Climate Agreements and Corporate Responsibility

Major companies and 13 states are staking out their own positions on climate change.

President Trump’s famous refusal to sign the Paris Climate Agreement has been met with criticism, as some say it will cause irreparable damage to the environment. But Trump’s position on this, even if taken for the wrong reasons, has had immediate benefits and will likely have tremendous long-term benefits as well.

How so?

Let’s take a step back for a minute, not to defend the president’s actions or to argue about whether the science is settled. Instead, let’s judge the immediate result of his decision to withdraw from the Paris agreement. According to Al Gore, “a lot of other countries … [doubled] down” on their commitment to meeting or exceeding the agreement. As of June 1, mayors from 364 cities around the U.S. have said they will adopt, honor, and uphold the accord. Thirteen states and Puerto Rico have formed the United States Climate Alliance, with their governors pledging to uphold the agreement and to “take aggressive action on climate change.” And 25 U.S.-based companies — including Google, Apple, Facebook, Microsoft, Target, Timberland, Campbell Soup Company and Burton Snowboards — have all agreed to abide by the accord. They have even bought full-page ads in major news outlets committing themselves to doing so.

The future will be greener because more consumers are demanding it be so, and businesses will reap more rewards for being seen as eco-friendly.

What’s more, the trend seems to be that more and more companies, cities and states will follow suit and join in this pledge to uphold or even exceed the Paris agreement. While environmental activists may claim that this isn’t enough to avoid a crisis, they should celebrate the voluntary commitments that these organizations have made and see them as a clear indication that people are waking up to their cause. The reaction to the Paris pullout makes it clear that no matter what Washington, D.C., does on climate change, a growing number of organized groups will act.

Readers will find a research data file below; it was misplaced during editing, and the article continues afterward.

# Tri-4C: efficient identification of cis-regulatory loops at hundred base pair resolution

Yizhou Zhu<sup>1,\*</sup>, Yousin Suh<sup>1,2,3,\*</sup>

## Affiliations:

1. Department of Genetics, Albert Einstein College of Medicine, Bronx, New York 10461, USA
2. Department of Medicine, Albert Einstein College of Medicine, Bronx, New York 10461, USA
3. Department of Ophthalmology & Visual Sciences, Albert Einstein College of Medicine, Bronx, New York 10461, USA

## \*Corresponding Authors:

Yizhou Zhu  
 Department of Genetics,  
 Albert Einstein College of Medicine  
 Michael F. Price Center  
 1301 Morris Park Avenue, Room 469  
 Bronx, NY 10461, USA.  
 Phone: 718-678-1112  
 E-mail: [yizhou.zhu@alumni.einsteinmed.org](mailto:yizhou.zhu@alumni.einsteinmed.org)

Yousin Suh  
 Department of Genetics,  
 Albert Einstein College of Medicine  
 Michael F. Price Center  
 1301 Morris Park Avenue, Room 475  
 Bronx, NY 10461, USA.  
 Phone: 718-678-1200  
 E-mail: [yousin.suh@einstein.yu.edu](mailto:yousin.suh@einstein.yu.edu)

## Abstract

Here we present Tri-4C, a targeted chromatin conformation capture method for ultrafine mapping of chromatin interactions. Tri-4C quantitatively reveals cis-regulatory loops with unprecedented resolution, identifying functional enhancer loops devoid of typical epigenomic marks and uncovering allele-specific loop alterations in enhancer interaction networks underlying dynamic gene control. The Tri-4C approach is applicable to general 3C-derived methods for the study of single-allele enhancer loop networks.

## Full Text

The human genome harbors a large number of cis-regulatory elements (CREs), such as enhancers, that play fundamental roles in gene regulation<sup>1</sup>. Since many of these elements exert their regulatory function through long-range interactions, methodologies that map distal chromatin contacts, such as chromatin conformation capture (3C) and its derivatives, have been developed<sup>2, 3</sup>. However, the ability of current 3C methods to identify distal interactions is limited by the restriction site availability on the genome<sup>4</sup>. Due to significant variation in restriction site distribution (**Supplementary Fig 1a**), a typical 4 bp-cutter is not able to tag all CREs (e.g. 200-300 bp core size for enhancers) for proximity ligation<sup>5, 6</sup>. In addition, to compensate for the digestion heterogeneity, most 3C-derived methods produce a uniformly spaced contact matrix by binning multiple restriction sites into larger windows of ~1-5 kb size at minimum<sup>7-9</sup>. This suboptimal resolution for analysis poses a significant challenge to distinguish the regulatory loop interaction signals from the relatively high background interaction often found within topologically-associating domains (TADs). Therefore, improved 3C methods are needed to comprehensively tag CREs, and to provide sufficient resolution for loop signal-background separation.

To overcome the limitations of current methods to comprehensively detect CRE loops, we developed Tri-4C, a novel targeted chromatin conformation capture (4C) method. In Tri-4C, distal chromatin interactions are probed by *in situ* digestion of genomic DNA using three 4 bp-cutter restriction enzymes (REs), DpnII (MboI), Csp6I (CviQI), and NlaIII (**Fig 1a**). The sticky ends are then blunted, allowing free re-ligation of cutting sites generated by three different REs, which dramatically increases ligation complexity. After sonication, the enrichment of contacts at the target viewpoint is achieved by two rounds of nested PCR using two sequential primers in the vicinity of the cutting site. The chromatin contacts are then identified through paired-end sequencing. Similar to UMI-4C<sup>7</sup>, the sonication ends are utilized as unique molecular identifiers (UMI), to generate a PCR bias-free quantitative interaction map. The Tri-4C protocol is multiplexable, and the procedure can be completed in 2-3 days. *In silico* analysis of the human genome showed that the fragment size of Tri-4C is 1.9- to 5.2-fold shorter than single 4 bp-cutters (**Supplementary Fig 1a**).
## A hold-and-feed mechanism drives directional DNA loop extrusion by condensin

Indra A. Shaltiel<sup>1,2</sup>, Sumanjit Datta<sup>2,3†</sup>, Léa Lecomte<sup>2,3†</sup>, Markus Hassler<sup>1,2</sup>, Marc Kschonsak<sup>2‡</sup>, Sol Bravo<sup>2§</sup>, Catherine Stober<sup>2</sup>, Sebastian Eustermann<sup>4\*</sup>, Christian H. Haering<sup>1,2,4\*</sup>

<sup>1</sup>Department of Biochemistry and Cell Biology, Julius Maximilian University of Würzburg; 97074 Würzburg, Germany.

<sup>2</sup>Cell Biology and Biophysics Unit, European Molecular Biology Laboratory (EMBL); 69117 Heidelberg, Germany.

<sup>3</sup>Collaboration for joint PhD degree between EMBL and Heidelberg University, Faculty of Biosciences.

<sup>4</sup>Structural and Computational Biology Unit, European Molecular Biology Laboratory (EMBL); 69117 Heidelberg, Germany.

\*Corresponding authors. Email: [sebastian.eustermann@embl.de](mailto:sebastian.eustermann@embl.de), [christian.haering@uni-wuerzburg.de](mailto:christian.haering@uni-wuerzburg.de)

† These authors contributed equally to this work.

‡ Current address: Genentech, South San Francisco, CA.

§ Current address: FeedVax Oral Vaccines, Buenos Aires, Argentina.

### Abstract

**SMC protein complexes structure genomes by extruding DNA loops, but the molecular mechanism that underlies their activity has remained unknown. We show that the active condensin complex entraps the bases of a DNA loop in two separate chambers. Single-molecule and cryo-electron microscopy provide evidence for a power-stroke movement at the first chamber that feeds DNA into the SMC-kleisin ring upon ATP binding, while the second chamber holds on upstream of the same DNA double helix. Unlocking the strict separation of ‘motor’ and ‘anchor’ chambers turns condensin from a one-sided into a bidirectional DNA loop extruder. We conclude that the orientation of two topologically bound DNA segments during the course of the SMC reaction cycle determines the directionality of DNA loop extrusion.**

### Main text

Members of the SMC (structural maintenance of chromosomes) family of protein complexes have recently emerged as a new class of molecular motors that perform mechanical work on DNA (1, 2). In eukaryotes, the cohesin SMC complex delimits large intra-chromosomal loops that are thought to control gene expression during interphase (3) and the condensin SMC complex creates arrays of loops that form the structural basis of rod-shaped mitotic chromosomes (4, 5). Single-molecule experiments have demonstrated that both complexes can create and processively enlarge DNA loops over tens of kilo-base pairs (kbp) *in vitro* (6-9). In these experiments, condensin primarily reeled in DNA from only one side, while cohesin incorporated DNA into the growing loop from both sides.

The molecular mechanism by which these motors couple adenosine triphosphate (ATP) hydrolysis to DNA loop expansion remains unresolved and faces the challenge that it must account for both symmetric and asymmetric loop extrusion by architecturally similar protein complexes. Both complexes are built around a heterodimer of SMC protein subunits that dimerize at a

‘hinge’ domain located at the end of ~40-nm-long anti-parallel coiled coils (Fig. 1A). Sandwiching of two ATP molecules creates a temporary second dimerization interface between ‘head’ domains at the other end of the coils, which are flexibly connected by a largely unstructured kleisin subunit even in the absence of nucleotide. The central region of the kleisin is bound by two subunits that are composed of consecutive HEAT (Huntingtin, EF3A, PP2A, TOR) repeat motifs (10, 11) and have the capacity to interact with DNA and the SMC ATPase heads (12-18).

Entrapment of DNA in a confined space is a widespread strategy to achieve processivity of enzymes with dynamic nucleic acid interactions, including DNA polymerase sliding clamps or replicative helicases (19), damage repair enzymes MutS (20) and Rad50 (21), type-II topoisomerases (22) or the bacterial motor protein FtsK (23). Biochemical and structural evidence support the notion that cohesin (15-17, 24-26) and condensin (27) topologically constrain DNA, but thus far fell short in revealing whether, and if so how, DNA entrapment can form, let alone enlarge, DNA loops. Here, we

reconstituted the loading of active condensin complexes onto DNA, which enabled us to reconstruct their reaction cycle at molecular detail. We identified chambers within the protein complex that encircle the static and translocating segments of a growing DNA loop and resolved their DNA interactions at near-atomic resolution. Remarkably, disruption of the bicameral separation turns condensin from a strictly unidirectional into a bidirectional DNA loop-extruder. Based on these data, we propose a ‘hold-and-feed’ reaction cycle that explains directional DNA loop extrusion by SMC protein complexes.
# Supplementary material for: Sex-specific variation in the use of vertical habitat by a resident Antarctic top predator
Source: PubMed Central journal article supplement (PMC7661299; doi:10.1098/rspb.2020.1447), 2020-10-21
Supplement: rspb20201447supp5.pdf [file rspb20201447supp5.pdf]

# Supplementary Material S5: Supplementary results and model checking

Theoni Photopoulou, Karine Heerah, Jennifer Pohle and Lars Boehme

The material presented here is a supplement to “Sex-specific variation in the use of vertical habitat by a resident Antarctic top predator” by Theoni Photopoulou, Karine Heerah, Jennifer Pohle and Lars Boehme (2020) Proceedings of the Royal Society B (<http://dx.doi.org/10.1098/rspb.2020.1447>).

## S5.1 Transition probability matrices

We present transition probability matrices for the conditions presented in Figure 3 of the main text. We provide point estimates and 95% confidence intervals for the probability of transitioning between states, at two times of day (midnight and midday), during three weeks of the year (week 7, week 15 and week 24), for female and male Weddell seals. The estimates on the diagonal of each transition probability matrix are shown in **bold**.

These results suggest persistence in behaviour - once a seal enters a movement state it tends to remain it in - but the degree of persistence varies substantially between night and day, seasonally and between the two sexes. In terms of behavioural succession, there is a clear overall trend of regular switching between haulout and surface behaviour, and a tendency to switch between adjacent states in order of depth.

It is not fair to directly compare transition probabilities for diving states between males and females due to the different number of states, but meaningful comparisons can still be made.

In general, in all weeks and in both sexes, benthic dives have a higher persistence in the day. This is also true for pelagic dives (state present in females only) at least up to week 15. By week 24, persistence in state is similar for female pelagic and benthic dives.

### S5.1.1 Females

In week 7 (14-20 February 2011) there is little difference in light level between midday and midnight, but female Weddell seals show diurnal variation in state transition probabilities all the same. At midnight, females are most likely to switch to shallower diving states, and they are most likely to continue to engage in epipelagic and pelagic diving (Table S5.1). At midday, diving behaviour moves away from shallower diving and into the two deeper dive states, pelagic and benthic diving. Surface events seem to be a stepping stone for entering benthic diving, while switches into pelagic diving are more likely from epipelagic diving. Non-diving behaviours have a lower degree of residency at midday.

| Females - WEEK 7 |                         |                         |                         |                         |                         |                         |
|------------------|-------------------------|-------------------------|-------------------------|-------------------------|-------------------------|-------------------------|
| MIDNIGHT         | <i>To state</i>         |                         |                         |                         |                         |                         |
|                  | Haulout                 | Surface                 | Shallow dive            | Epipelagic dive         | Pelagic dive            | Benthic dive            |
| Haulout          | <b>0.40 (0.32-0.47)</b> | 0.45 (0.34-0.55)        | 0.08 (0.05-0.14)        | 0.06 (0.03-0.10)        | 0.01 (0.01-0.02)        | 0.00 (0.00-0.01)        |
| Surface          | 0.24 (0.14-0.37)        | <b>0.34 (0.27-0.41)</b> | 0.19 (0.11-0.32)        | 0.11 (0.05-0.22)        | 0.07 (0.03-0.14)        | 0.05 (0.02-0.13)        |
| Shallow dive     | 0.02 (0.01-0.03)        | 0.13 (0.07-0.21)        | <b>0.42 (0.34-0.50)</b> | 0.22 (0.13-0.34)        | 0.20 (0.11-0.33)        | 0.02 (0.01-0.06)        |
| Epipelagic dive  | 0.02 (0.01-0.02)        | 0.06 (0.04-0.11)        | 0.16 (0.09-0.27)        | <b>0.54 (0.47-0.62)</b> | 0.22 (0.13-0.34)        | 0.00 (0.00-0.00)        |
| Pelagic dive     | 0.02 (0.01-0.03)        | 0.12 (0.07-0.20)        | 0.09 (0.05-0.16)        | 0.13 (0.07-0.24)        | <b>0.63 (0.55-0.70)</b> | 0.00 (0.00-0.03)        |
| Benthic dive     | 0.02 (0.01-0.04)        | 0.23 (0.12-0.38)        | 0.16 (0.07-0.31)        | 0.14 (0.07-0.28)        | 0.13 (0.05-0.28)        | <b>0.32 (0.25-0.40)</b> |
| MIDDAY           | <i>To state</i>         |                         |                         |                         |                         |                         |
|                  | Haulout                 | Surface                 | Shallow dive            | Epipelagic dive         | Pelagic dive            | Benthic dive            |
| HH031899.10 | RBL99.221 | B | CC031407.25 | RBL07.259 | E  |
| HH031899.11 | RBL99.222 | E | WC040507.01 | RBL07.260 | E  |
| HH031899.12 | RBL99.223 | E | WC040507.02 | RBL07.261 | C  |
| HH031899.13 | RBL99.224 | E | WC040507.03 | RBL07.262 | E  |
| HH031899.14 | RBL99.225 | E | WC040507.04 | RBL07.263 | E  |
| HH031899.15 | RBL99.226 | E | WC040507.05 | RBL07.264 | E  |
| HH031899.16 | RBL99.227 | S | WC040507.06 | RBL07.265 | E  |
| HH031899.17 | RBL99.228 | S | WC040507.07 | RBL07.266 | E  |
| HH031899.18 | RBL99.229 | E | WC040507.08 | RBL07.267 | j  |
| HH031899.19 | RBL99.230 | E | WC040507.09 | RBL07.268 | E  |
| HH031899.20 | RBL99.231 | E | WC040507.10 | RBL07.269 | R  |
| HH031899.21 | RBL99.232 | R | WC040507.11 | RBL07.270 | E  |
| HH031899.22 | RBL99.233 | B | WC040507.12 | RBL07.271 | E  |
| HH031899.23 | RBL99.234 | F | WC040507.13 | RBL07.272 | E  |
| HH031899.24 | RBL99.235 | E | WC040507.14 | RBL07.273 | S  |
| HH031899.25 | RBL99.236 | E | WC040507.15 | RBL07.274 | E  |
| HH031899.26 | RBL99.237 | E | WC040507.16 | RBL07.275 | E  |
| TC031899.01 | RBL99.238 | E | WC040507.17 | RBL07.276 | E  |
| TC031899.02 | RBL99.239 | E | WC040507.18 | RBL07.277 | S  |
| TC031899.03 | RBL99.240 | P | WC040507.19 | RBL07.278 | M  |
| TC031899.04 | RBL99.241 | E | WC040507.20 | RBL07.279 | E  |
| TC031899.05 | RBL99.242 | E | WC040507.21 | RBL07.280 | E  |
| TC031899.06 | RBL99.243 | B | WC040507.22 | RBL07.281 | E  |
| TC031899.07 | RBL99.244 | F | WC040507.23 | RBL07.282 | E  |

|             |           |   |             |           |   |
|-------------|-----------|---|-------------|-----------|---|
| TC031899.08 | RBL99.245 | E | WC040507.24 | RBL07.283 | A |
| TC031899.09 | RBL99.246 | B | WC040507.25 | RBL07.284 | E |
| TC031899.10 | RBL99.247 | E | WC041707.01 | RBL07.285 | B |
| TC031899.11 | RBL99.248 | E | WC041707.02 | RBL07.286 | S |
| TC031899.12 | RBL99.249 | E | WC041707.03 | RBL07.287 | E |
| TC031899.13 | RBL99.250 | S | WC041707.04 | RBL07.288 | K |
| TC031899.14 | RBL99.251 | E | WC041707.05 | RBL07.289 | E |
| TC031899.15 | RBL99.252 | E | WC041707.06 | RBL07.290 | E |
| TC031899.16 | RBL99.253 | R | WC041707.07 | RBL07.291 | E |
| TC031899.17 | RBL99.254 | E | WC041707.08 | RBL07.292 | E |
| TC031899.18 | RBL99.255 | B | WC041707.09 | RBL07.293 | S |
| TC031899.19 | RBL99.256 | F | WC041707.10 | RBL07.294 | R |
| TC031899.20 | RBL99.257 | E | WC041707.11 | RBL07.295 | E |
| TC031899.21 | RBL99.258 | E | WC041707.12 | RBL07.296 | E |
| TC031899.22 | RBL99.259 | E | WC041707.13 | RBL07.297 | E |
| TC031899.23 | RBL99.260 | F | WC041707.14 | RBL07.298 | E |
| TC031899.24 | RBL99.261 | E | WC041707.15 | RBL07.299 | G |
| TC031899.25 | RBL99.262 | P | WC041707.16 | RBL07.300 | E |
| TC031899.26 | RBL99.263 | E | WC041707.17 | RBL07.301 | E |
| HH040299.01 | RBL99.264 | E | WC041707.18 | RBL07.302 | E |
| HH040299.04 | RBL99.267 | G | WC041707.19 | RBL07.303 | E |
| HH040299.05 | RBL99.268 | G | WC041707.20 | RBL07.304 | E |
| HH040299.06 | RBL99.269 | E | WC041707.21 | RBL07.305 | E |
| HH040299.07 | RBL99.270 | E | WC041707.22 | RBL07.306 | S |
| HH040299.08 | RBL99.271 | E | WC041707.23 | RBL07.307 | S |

But what about the long-term benefits of Trump’s action?

When governments impose regulations such as these, industries are likely to respond by doing the bare minimum necessary to comply; nothing less, but nothing more, either. When all companies meet these standards under penalty of law, the consumer learns nothing about the environmental conscientiousness of individual companies because all are simply following the law.

What Trump has inadvertently created is room for each of us to make more informed decisions about the type of companies we do business with. If environmental conscientiousness is something that you care about, then companies will have a very strong incentive to provide their wares in an environmentally conscientious and cost-effective way. What’s more, they won’t just meet some agreed-to standards but instead will compete with one another to be the best at delivering their products in an eco-friendly way. In other words, they’ll compete to exceed one another on two fronts: by lowering costs and by reducing their environmental impact. If they can successfully do so, they’ll reap tremendous profits and send a powerful signal to all other companies in the industry that will induce them to follow suit or risk losing business. Further, these changes tend to be longer-lasting, as they do not vary with political winds, which as we’ve seen can change quickly. Instead, they rely on the beliefs of customers, which change much more slowly.

All of this leads to what might appear a bold prediction: The future will be much greener than it is today. But this won’t be because of carbon tax credits, multinational environmental agreements imposed from on high, or any other such machination dreamed up by environmental regulators. Instead, the future will be greener because more consumers are demanding it be so, and businesses will reap more rewards for being seen as eco-friendly.

If you doubt my prediction, ask yourself a question. Who is most likely to perform a task better: someone who does it reluctantly and under compulsion, or someone who actually wants to do it?


Businesses that seek to be seen as eco-friendly will produce more cost-effective ways of taking environmental action than the federal government.

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